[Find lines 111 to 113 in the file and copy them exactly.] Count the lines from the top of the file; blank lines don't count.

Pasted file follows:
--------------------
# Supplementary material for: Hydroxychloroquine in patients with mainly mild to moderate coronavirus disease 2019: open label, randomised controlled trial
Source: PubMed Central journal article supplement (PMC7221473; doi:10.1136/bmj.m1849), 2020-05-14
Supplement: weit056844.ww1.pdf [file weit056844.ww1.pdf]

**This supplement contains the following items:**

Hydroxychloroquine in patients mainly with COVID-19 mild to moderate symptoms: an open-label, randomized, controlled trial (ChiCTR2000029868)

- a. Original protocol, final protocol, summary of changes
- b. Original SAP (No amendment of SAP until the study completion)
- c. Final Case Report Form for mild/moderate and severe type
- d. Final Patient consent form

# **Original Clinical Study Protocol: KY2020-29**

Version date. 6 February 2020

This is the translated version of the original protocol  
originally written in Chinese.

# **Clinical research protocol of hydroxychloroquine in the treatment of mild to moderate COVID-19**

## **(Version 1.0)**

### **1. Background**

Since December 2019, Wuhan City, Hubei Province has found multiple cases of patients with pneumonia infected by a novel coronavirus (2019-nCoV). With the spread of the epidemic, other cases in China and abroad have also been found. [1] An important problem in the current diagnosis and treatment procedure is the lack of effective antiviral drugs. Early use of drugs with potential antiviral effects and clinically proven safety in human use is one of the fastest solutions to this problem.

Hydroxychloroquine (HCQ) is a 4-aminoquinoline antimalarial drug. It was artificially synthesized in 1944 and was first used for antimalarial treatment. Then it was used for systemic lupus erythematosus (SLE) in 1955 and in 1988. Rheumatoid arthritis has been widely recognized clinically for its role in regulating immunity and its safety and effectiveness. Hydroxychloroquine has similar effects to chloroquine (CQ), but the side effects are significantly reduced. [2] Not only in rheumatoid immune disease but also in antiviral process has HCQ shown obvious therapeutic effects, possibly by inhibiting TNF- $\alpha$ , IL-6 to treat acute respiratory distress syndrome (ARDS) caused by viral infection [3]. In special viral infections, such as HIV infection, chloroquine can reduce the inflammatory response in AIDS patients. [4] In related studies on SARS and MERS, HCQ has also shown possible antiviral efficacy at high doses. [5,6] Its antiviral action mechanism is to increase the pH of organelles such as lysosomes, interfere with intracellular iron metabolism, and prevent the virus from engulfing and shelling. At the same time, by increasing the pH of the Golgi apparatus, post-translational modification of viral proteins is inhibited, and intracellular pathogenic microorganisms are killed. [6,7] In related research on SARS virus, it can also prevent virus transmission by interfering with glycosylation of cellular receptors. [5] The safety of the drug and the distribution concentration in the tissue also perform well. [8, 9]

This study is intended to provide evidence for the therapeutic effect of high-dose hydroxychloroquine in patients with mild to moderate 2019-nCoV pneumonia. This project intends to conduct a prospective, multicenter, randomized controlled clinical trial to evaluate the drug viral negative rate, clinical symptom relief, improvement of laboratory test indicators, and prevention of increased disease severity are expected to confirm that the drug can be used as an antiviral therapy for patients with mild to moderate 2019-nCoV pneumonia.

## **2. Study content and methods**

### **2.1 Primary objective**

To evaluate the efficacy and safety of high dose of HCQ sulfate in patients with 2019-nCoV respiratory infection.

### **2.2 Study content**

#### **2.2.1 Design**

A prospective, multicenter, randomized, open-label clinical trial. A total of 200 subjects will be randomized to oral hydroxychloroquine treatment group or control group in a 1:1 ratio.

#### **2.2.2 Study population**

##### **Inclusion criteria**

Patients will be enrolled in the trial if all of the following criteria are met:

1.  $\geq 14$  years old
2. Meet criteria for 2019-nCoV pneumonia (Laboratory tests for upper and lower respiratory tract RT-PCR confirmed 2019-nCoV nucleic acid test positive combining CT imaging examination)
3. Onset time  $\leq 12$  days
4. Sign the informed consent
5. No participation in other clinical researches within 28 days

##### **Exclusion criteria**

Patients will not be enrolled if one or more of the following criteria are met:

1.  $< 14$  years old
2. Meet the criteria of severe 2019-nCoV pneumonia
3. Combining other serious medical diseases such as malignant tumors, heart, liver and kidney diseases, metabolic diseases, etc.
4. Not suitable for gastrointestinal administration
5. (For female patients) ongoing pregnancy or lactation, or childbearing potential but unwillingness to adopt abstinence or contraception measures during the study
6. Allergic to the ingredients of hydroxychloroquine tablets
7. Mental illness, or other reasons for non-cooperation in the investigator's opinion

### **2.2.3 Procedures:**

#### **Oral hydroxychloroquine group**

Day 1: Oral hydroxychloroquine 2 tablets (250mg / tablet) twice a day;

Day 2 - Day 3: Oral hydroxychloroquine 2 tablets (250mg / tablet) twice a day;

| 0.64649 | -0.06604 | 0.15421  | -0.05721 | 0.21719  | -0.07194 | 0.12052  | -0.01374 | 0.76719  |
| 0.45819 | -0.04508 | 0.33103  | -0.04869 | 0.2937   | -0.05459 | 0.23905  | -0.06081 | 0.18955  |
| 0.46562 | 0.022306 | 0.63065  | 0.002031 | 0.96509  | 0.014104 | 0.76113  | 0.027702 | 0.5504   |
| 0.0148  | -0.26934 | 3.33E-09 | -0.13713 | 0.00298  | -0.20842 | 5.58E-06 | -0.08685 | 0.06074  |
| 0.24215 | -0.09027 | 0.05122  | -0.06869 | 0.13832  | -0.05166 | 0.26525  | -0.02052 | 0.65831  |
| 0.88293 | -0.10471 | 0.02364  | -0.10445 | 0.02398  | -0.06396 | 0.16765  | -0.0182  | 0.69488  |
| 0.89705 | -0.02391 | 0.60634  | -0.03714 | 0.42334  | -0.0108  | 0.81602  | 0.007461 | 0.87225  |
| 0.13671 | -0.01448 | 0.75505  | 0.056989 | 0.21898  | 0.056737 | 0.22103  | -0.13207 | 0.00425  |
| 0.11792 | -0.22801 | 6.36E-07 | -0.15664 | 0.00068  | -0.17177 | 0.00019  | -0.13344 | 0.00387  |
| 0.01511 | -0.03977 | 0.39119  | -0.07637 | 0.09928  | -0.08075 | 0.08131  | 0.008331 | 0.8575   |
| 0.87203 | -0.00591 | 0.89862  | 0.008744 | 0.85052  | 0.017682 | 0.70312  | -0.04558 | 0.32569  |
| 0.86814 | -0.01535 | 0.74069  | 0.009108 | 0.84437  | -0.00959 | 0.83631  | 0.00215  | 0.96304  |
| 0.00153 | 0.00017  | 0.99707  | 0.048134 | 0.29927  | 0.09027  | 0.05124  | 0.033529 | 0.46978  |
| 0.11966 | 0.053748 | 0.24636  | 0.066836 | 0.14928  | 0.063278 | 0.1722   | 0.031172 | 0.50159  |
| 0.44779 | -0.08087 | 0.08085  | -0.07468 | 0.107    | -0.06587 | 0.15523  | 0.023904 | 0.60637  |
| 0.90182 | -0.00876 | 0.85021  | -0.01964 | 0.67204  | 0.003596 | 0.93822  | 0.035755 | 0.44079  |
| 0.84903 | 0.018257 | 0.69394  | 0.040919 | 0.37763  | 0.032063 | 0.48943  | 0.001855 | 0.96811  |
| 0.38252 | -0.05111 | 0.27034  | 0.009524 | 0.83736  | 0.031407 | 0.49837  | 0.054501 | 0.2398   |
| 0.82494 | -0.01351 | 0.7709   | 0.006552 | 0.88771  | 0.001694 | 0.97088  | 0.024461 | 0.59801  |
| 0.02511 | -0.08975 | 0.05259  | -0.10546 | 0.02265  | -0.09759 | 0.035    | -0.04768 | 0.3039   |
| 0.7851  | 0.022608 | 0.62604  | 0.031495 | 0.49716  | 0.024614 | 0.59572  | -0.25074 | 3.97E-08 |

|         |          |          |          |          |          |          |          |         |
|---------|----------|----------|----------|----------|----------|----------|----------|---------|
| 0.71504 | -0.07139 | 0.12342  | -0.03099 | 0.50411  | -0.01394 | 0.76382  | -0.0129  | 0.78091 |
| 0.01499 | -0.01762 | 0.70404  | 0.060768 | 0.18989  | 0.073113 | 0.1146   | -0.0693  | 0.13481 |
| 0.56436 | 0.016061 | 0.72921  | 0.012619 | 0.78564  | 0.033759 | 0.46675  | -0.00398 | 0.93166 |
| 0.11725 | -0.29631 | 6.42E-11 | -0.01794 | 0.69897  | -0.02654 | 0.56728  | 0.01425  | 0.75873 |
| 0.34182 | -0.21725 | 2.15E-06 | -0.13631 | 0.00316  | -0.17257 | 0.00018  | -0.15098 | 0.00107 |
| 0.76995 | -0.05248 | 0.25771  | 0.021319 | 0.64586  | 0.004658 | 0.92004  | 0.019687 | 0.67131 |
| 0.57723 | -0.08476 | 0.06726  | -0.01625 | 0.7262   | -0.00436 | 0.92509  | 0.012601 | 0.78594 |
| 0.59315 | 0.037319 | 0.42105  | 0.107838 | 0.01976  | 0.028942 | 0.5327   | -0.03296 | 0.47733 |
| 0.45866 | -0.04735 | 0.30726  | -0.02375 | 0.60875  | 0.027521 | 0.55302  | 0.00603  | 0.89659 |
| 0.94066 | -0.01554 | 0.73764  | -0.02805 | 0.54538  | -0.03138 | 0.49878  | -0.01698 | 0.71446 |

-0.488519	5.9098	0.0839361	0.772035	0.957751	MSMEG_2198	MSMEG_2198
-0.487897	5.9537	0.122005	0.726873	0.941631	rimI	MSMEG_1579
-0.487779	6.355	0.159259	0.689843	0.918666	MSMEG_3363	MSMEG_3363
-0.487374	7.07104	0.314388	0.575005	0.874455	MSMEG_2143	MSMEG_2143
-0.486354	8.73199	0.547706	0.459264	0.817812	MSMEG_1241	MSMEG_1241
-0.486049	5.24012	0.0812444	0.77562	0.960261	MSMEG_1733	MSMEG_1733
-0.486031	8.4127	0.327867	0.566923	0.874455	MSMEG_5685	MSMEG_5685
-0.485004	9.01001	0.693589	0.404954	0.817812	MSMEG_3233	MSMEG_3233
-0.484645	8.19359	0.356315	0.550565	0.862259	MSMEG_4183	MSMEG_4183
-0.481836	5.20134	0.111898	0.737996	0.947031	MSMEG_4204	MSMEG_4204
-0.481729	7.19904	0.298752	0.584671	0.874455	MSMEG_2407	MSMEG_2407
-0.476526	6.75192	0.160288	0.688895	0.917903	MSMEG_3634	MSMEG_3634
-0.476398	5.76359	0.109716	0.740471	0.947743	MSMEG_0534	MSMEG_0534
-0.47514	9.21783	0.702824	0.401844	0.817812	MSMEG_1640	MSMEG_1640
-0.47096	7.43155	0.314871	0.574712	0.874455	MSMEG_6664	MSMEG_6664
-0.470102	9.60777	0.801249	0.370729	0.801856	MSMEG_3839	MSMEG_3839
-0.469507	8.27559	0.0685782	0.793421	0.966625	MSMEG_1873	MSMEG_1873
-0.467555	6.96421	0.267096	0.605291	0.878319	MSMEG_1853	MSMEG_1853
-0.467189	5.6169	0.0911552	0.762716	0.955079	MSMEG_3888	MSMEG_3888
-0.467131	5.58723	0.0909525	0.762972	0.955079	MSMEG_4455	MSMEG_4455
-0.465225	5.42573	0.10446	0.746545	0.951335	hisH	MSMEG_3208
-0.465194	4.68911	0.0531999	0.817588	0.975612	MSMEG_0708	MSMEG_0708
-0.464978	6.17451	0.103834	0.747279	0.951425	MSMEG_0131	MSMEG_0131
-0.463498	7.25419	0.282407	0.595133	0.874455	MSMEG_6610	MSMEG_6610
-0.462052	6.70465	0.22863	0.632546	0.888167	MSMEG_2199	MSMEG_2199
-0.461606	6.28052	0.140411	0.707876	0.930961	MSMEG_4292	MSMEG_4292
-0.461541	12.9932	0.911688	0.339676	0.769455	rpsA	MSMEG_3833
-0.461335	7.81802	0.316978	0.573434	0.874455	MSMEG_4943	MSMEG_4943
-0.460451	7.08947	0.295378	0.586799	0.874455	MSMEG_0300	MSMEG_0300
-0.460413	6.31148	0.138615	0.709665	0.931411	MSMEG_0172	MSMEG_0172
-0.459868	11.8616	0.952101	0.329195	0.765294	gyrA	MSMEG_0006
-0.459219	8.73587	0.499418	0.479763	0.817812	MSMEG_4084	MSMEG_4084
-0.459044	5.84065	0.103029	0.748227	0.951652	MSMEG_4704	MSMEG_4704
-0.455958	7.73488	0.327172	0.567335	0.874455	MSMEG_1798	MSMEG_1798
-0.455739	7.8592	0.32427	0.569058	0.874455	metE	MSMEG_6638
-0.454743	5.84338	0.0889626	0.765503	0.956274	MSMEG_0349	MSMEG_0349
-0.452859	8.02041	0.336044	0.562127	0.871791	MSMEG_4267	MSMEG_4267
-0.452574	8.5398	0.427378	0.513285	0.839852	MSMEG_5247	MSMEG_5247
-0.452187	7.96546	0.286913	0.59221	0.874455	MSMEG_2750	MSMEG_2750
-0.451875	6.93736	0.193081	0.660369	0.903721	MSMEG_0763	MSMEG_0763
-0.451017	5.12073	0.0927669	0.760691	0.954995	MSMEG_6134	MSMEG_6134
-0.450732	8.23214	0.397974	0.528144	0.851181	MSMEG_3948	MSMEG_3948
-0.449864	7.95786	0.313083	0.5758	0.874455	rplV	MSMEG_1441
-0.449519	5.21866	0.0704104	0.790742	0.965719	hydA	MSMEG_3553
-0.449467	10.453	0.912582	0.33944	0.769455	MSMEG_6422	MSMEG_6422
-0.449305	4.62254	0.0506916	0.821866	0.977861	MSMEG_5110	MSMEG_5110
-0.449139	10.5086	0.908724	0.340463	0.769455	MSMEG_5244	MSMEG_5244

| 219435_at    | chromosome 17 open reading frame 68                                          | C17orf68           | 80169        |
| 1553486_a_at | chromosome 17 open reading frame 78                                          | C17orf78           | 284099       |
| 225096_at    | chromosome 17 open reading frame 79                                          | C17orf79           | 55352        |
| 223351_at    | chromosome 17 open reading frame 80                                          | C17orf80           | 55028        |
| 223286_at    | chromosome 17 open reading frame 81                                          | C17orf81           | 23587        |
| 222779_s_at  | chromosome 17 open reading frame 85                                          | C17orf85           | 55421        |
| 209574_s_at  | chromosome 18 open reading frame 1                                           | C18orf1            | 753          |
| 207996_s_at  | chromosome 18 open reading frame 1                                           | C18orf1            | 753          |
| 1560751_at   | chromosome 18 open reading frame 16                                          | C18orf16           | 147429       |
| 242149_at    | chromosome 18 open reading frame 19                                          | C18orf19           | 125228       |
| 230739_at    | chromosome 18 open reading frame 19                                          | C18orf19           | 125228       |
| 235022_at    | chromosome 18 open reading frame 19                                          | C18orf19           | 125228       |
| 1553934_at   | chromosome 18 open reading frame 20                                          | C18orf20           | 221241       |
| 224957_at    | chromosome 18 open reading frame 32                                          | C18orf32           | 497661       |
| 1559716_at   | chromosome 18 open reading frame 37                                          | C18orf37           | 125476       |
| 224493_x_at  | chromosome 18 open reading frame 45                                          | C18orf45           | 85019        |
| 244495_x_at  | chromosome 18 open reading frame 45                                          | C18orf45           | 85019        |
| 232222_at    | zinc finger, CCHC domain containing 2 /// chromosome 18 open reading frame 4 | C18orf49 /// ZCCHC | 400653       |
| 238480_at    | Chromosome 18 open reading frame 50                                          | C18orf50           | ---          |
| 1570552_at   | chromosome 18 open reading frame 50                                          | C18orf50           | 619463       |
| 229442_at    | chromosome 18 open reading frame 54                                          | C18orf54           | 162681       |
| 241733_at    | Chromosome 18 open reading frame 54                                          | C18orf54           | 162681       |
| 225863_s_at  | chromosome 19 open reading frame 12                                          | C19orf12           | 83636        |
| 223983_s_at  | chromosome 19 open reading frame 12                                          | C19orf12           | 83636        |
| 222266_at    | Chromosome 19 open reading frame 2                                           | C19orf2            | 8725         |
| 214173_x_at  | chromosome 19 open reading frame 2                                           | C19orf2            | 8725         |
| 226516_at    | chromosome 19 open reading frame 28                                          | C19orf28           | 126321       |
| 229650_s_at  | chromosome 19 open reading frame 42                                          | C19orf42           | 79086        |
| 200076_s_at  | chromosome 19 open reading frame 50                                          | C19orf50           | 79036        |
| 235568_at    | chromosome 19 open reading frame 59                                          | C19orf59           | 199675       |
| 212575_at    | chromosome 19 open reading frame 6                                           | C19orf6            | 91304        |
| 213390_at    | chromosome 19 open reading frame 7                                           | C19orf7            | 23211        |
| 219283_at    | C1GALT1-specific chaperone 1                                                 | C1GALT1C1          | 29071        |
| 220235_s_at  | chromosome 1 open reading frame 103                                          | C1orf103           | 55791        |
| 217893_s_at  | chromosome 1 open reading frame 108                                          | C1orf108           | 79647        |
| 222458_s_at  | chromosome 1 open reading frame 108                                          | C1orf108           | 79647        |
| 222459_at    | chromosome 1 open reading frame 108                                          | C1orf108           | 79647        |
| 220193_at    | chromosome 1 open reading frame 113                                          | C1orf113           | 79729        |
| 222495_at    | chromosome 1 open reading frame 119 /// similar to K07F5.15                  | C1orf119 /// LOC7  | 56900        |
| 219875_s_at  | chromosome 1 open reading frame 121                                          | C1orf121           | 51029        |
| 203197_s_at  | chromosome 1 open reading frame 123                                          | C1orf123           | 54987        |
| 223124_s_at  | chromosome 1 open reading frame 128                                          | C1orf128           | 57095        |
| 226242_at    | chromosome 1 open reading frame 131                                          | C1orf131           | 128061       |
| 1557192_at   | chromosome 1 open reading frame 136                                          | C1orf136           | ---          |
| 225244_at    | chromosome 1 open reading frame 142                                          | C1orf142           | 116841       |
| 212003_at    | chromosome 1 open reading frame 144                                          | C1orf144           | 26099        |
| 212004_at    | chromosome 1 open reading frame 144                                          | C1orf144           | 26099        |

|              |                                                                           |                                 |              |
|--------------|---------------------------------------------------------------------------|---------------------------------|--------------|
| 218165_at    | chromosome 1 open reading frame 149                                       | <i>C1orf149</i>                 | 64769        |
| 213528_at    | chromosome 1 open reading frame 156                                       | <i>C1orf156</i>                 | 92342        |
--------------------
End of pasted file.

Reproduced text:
-0.459219	8.73587	0.499418	0.479763	0.817812	MSMEG_4084	MSMEG_4084
-0.459044	5.84065	0.103029	0.748227	0.951652	MSMEG_4704	MSMEG_4704
-0.455958	7.73488	0.327172	0.567335	0.874455	MSMEG_1798	MSMEG_1798